So round up your friends and head over to Applewood Restaurant and Bar for a casual American meal.
For top-rated Mexican fare that customers rave about, head to Monterrey Mexican Restaurant for a meal packed with bold flavor.
Find the perfect vintage to complement your meal — this restaurant offers a fine selection of wines, beers, and beyond.
At this restaurant, everyone will find something they love — kids included!
Avoid playing the waiting game and call ahead for a table.
No need for a wardrobe change when you hit Monterrey Mexican Restaurant — it's strictly casual.
Monterrey Mexican Restaurant is known for serving great food, and they are able to serve it at your next event with their excellent catering.
Or, take your food to go.
Drivers can make use of the parking lots near Monterrey Mexican Restaurant.
If your preferred mode of transit is of the two wheel variety, you're in luck — there's tons of bike parking outside the restaurant.
So head to Monterrey Mexican Restaurant, where you can expect nothing less than the highest rated Mexican cuisine.
Come enjoy a casual night out with your friends and some Mexican cuisine at Monterrey Mexican Restaurant.
So break out of your normal dining routine and head over to Monterrey Mexican Restaurant for some flavorful Mexican fare.
Find all of your favorite traditional American dishes in one place at Ruby Tuesday.
Keep your diet in check at Ruby Tuesday, a local restaurant with gluten-free and low-fat menu items.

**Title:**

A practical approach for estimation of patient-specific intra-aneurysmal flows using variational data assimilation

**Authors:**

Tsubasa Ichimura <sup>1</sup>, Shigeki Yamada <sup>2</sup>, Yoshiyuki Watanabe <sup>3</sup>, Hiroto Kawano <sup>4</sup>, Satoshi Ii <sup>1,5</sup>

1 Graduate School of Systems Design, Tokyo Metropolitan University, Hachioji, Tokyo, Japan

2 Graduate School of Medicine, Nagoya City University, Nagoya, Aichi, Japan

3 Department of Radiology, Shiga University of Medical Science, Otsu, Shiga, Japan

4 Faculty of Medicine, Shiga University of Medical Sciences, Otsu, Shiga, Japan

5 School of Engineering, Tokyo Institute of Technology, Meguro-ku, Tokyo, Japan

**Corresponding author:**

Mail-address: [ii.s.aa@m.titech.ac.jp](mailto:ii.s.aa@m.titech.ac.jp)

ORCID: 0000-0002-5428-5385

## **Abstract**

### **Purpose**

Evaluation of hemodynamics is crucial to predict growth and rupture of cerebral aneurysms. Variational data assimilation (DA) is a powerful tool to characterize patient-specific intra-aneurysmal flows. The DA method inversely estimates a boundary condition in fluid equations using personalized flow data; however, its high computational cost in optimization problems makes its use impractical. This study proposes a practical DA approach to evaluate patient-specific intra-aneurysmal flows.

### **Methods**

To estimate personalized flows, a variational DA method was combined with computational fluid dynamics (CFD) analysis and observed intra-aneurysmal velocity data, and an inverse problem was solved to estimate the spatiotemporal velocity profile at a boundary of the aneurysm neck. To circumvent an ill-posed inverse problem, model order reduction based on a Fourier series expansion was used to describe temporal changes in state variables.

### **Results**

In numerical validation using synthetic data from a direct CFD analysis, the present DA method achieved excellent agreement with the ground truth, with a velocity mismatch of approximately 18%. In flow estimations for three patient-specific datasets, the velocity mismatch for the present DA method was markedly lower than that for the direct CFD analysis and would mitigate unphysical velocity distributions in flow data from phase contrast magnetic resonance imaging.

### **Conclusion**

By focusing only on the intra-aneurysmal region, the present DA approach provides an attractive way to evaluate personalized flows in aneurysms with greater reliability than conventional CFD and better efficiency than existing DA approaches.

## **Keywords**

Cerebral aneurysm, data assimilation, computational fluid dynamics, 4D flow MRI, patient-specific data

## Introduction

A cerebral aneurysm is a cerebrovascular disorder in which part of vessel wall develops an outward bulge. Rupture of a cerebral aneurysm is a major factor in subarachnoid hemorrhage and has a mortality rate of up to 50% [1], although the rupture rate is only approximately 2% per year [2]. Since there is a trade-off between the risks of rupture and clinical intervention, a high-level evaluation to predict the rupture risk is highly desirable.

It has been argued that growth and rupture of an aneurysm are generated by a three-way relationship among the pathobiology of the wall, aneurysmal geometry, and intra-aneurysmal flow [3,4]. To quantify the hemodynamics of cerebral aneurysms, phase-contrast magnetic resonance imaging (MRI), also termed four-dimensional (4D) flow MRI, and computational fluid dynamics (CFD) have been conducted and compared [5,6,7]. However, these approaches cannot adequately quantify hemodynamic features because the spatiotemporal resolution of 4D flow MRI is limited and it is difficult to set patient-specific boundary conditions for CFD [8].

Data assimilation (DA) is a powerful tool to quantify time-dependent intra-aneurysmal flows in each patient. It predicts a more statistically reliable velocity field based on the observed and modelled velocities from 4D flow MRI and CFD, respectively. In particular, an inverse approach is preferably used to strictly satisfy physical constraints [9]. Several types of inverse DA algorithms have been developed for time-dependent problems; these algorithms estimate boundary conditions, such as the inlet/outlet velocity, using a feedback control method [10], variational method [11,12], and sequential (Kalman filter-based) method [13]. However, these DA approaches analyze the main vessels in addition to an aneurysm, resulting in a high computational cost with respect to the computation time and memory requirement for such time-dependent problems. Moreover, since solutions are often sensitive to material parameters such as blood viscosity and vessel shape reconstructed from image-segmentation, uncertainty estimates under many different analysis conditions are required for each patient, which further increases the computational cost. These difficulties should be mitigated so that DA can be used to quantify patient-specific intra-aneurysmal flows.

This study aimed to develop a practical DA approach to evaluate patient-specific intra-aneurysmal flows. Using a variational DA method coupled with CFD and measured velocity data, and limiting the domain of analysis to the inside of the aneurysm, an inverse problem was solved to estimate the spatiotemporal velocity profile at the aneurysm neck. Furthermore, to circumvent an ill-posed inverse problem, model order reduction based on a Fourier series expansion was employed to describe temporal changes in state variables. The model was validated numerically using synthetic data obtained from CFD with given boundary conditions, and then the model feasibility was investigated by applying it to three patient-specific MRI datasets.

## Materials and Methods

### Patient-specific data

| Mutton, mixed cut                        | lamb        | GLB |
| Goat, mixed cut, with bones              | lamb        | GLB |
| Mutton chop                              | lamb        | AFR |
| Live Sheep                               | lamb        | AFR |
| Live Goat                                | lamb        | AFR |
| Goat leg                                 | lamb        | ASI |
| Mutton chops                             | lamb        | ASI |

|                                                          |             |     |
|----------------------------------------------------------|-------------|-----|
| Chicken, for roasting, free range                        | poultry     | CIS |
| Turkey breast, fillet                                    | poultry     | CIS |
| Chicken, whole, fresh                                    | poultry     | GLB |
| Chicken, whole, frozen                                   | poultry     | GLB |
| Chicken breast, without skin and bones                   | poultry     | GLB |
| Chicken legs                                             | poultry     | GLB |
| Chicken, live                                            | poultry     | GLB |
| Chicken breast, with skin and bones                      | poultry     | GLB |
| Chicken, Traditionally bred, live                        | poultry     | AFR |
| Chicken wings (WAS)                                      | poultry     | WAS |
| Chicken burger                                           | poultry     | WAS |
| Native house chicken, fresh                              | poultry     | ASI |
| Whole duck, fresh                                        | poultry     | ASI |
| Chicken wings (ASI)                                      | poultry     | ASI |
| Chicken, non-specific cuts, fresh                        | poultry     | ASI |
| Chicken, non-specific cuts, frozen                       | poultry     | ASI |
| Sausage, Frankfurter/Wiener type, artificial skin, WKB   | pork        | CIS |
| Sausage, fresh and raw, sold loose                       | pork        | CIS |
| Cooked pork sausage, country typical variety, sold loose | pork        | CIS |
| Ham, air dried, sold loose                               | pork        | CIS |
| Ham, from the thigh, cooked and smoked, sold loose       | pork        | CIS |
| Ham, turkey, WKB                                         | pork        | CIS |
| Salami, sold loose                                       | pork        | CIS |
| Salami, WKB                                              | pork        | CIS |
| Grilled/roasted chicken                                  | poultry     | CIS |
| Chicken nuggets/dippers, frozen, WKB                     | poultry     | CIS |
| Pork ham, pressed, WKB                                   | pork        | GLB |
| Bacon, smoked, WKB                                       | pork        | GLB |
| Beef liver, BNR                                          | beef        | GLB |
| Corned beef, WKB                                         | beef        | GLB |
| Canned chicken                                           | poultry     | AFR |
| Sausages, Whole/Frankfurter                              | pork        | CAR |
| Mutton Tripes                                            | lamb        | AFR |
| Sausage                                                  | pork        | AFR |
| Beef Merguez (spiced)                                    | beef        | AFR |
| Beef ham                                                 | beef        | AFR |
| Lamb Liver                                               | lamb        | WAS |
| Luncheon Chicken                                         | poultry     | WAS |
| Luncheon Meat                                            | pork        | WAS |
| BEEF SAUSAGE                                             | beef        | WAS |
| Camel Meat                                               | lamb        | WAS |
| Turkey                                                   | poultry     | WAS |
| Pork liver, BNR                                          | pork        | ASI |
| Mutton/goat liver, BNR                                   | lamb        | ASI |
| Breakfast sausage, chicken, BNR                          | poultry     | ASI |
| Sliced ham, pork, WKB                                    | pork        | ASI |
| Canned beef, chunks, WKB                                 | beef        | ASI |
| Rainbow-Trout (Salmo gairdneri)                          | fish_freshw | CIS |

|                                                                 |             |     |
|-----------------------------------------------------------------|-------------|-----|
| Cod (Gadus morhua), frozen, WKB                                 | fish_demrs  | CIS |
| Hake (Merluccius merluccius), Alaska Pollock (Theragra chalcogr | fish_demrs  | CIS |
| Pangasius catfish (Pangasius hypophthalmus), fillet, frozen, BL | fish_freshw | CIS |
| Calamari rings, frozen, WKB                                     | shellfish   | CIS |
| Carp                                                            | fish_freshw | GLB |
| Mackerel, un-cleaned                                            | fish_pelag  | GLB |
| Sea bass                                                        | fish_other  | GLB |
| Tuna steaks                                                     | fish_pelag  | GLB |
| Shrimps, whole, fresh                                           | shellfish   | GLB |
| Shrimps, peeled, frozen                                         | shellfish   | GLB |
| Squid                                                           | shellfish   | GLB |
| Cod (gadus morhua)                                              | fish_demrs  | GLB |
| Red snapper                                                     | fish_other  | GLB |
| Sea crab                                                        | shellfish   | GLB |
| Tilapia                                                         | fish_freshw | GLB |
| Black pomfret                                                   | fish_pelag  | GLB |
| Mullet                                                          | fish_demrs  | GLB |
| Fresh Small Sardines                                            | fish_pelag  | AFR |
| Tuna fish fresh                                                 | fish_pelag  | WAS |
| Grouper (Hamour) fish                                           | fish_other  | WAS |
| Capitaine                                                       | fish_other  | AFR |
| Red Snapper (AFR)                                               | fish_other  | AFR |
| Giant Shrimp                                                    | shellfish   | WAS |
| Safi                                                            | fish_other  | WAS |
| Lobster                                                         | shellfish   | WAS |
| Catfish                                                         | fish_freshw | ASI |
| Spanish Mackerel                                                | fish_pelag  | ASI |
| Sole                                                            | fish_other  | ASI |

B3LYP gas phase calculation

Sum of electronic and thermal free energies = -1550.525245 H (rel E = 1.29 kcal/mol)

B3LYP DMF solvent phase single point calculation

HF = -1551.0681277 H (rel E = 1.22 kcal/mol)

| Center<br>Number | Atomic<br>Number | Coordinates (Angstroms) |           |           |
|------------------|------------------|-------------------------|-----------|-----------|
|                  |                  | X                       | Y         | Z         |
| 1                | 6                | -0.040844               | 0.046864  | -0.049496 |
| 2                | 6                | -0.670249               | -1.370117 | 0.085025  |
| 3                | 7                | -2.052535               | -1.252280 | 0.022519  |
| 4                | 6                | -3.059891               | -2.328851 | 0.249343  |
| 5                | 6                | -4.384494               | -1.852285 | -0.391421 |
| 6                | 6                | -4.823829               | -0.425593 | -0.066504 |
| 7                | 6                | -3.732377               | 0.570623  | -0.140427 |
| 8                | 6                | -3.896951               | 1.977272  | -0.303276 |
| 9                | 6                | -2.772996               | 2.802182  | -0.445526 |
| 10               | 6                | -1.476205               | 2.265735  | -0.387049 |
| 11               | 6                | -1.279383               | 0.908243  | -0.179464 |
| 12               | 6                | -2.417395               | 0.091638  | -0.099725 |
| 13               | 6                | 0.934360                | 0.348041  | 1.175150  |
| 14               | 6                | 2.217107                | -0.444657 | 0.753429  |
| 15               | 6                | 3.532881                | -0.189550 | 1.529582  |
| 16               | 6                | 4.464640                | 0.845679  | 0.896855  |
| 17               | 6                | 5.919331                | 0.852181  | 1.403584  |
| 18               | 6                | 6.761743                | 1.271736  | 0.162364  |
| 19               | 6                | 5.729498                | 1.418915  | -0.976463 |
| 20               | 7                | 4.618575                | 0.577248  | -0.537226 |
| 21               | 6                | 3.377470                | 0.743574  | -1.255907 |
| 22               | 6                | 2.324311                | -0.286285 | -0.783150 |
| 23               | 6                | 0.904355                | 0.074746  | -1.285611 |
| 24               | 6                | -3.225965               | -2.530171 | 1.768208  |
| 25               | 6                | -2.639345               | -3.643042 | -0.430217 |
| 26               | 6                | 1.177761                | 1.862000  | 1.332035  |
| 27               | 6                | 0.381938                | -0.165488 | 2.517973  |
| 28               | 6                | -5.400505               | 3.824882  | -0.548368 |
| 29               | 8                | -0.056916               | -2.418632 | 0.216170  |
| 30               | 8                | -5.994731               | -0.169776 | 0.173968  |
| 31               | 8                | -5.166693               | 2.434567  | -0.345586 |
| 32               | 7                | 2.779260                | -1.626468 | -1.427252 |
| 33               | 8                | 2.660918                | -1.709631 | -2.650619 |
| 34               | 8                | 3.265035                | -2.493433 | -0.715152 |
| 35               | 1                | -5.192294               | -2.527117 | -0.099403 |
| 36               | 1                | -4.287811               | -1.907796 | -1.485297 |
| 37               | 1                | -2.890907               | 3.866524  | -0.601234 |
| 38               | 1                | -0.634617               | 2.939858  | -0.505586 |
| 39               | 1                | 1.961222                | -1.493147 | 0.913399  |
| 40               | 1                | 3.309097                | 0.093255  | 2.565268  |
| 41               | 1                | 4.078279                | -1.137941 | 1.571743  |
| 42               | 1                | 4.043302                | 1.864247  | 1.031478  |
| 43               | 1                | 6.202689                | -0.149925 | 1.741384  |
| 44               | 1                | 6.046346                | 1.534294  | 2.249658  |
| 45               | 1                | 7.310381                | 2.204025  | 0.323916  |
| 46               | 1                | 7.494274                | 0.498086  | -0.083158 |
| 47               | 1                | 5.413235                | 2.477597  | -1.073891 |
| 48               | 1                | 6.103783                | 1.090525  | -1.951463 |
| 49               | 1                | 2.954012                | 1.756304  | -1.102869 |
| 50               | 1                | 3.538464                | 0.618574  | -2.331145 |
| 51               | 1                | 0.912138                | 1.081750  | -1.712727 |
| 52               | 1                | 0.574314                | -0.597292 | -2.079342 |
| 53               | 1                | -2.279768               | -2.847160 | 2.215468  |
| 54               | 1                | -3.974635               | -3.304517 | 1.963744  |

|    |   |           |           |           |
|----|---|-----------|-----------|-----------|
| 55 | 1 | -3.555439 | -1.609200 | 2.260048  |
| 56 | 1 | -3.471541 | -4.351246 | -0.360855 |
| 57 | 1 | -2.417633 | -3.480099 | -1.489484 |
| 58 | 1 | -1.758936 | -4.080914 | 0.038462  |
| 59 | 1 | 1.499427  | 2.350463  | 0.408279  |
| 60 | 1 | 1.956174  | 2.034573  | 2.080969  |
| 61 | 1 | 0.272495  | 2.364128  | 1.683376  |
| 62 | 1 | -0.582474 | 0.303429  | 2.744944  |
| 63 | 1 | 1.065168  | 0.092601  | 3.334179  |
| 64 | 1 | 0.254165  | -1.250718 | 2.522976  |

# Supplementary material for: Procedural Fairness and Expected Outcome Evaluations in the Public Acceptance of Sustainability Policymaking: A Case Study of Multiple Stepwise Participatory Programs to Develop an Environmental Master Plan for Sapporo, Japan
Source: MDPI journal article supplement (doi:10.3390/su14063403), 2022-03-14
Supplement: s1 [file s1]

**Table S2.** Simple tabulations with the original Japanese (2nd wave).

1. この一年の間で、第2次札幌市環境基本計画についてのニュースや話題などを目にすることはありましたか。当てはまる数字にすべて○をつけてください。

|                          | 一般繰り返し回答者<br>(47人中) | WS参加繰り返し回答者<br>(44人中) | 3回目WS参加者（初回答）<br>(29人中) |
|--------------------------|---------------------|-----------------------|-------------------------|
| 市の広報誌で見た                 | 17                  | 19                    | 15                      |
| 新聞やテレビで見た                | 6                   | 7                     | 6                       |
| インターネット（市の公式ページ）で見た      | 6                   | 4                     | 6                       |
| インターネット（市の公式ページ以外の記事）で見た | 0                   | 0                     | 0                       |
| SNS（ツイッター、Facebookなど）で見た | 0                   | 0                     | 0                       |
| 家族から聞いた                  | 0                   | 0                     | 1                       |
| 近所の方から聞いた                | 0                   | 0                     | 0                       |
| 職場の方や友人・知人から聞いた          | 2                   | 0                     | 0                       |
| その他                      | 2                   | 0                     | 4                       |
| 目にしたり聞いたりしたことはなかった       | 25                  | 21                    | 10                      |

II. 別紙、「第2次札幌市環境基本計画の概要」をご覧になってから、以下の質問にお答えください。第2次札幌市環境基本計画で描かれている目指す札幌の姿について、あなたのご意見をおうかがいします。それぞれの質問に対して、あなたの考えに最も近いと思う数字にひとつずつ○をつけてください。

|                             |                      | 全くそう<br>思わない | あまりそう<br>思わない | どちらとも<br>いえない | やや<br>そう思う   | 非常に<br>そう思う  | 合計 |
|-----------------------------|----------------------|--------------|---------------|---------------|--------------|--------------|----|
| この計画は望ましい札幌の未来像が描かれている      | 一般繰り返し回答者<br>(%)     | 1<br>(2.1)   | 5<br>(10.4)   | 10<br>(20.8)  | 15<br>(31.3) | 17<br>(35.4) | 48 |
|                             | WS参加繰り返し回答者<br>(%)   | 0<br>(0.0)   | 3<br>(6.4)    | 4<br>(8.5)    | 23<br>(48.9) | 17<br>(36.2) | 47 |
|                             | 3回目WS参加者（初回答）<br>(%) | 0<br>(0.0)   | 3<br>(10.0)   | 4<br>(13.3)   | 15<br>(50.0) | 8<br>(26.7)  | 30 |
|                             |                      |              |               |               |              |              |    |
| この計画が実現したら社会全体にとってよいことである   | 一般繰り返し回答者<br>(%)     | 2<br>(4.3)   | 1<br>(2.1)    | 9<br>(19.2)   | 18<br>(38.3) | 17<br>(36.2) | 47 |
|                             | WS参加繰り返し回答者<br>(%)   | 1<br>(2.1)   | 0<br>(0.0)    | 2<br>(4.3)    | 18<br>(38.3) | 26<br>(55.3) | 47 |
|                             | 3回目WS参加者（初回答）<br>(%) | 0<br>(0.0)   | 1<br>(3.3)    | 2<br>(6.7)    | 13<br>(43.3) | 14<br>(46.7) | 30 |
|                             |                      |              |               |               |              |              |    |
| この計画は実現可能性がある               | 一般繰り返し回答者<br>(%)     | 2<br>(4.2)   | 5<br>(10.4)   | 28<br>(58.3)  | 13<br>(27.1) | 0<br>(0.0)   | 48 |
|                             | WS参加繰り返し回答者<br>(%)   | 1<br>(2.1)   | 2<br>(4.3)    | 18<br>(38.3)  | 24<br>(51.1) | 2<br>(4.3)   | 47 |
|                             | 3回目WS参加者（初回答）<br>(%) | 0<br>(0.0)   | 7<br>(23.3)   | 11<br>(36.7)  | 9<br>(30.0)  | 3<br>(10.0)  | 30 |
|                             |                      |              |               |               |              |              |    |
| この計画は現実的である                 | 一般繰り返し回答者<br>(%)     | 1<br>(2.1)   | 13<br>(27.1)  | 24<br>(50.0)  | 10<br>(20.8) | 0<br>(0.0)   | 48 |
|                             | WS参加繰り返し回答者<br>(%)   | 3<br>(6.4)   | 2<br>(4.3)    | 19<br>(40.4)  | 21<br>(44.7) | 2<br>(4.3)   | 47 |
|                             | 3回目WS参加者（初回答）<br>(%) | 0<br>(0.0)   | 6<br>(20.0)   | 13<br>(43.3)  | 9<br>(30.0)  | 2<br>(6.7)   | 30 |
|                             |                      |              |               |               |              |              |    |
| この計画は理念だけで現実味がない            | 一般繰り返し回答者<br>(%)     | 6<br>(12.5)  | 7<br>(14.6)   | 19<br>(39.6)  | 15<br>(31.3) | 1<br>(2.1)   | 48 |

Find time to peruse the wine list here — this restaurant offers a variety of drink options.
Eat out with the little ones at this restaurant, and don't waste time scurrying for a sitter.
Ruby Tuesday offers a free wifi hot spot — perfect for surfing the web or getting a little work done.
Take it nice and easy at Ruby Tuesday, where casual dress is the rule of the day.
Meeting the gang for a movie? Pick up some food from this restaurant.
Ruby Tuesday will even bring the amazing food from their kitchen to yours.
Don't leave the car at home when you come in. We'll give you one of the great spaces in our parking lot. And for free.
An average meal at Ruby Tuesday will set you back about $30.
Stop by for breakfast, lunch, or dinner — Ruby Tuesday serves up all three meals.
Rediscover your favorite American meals at Ruby Tuesday.
Ruby Tuesday serves up a variety of American eats in a casual setting. Swing by today and munch on some of your favorite dishes.
For fresh maki, Bristol's Fuji Japanese Steakhouse has got you covered.
Whether rocking a gluten-free lifestyle or looking for something low-fat, this place will serve you just what you need.
Whether you have something to celebrate or just need something to take the edge off, the drink menu at this restaurant won't disappoint.
Little guys and gals will also love dining at this restaurant, which offers a family-friendly environment (and menu).
Your group can sit comfortably at Fuji Japanese Steakhouse, a local restaurant.
Fuji Japanese Steakhouse offers an informal dining experience for those who are allergic to jackets and ties.
Getting your food to go is also an option.
Bring the Fuji Japanese Steakhouse's great food to your place.
Save some dough on parking at Fuji Japanese Steakhouse.
A visit to Fuji Japanese Steakhouse will set you back less than $30 per person, so you can make it a regular part of your schedule.
Breakfast, lunch, and dinner are all available at Fuji Japanese Steakhouse — swing by for your favorite meal.
Come into Fuji Japanese Steakhouse's Japanese restaurant today and experience their tasty cuisine!
Siu mai: small pork dumplings. Each has a thin wrapper that needs to be delicately pleated by hand. Easily, they’re one of the most labor-intensive items at Phoenix Restaurant in Chicago, where each weekend this Chinese restaurant serves 80 different varieties of classic dim sum snacks.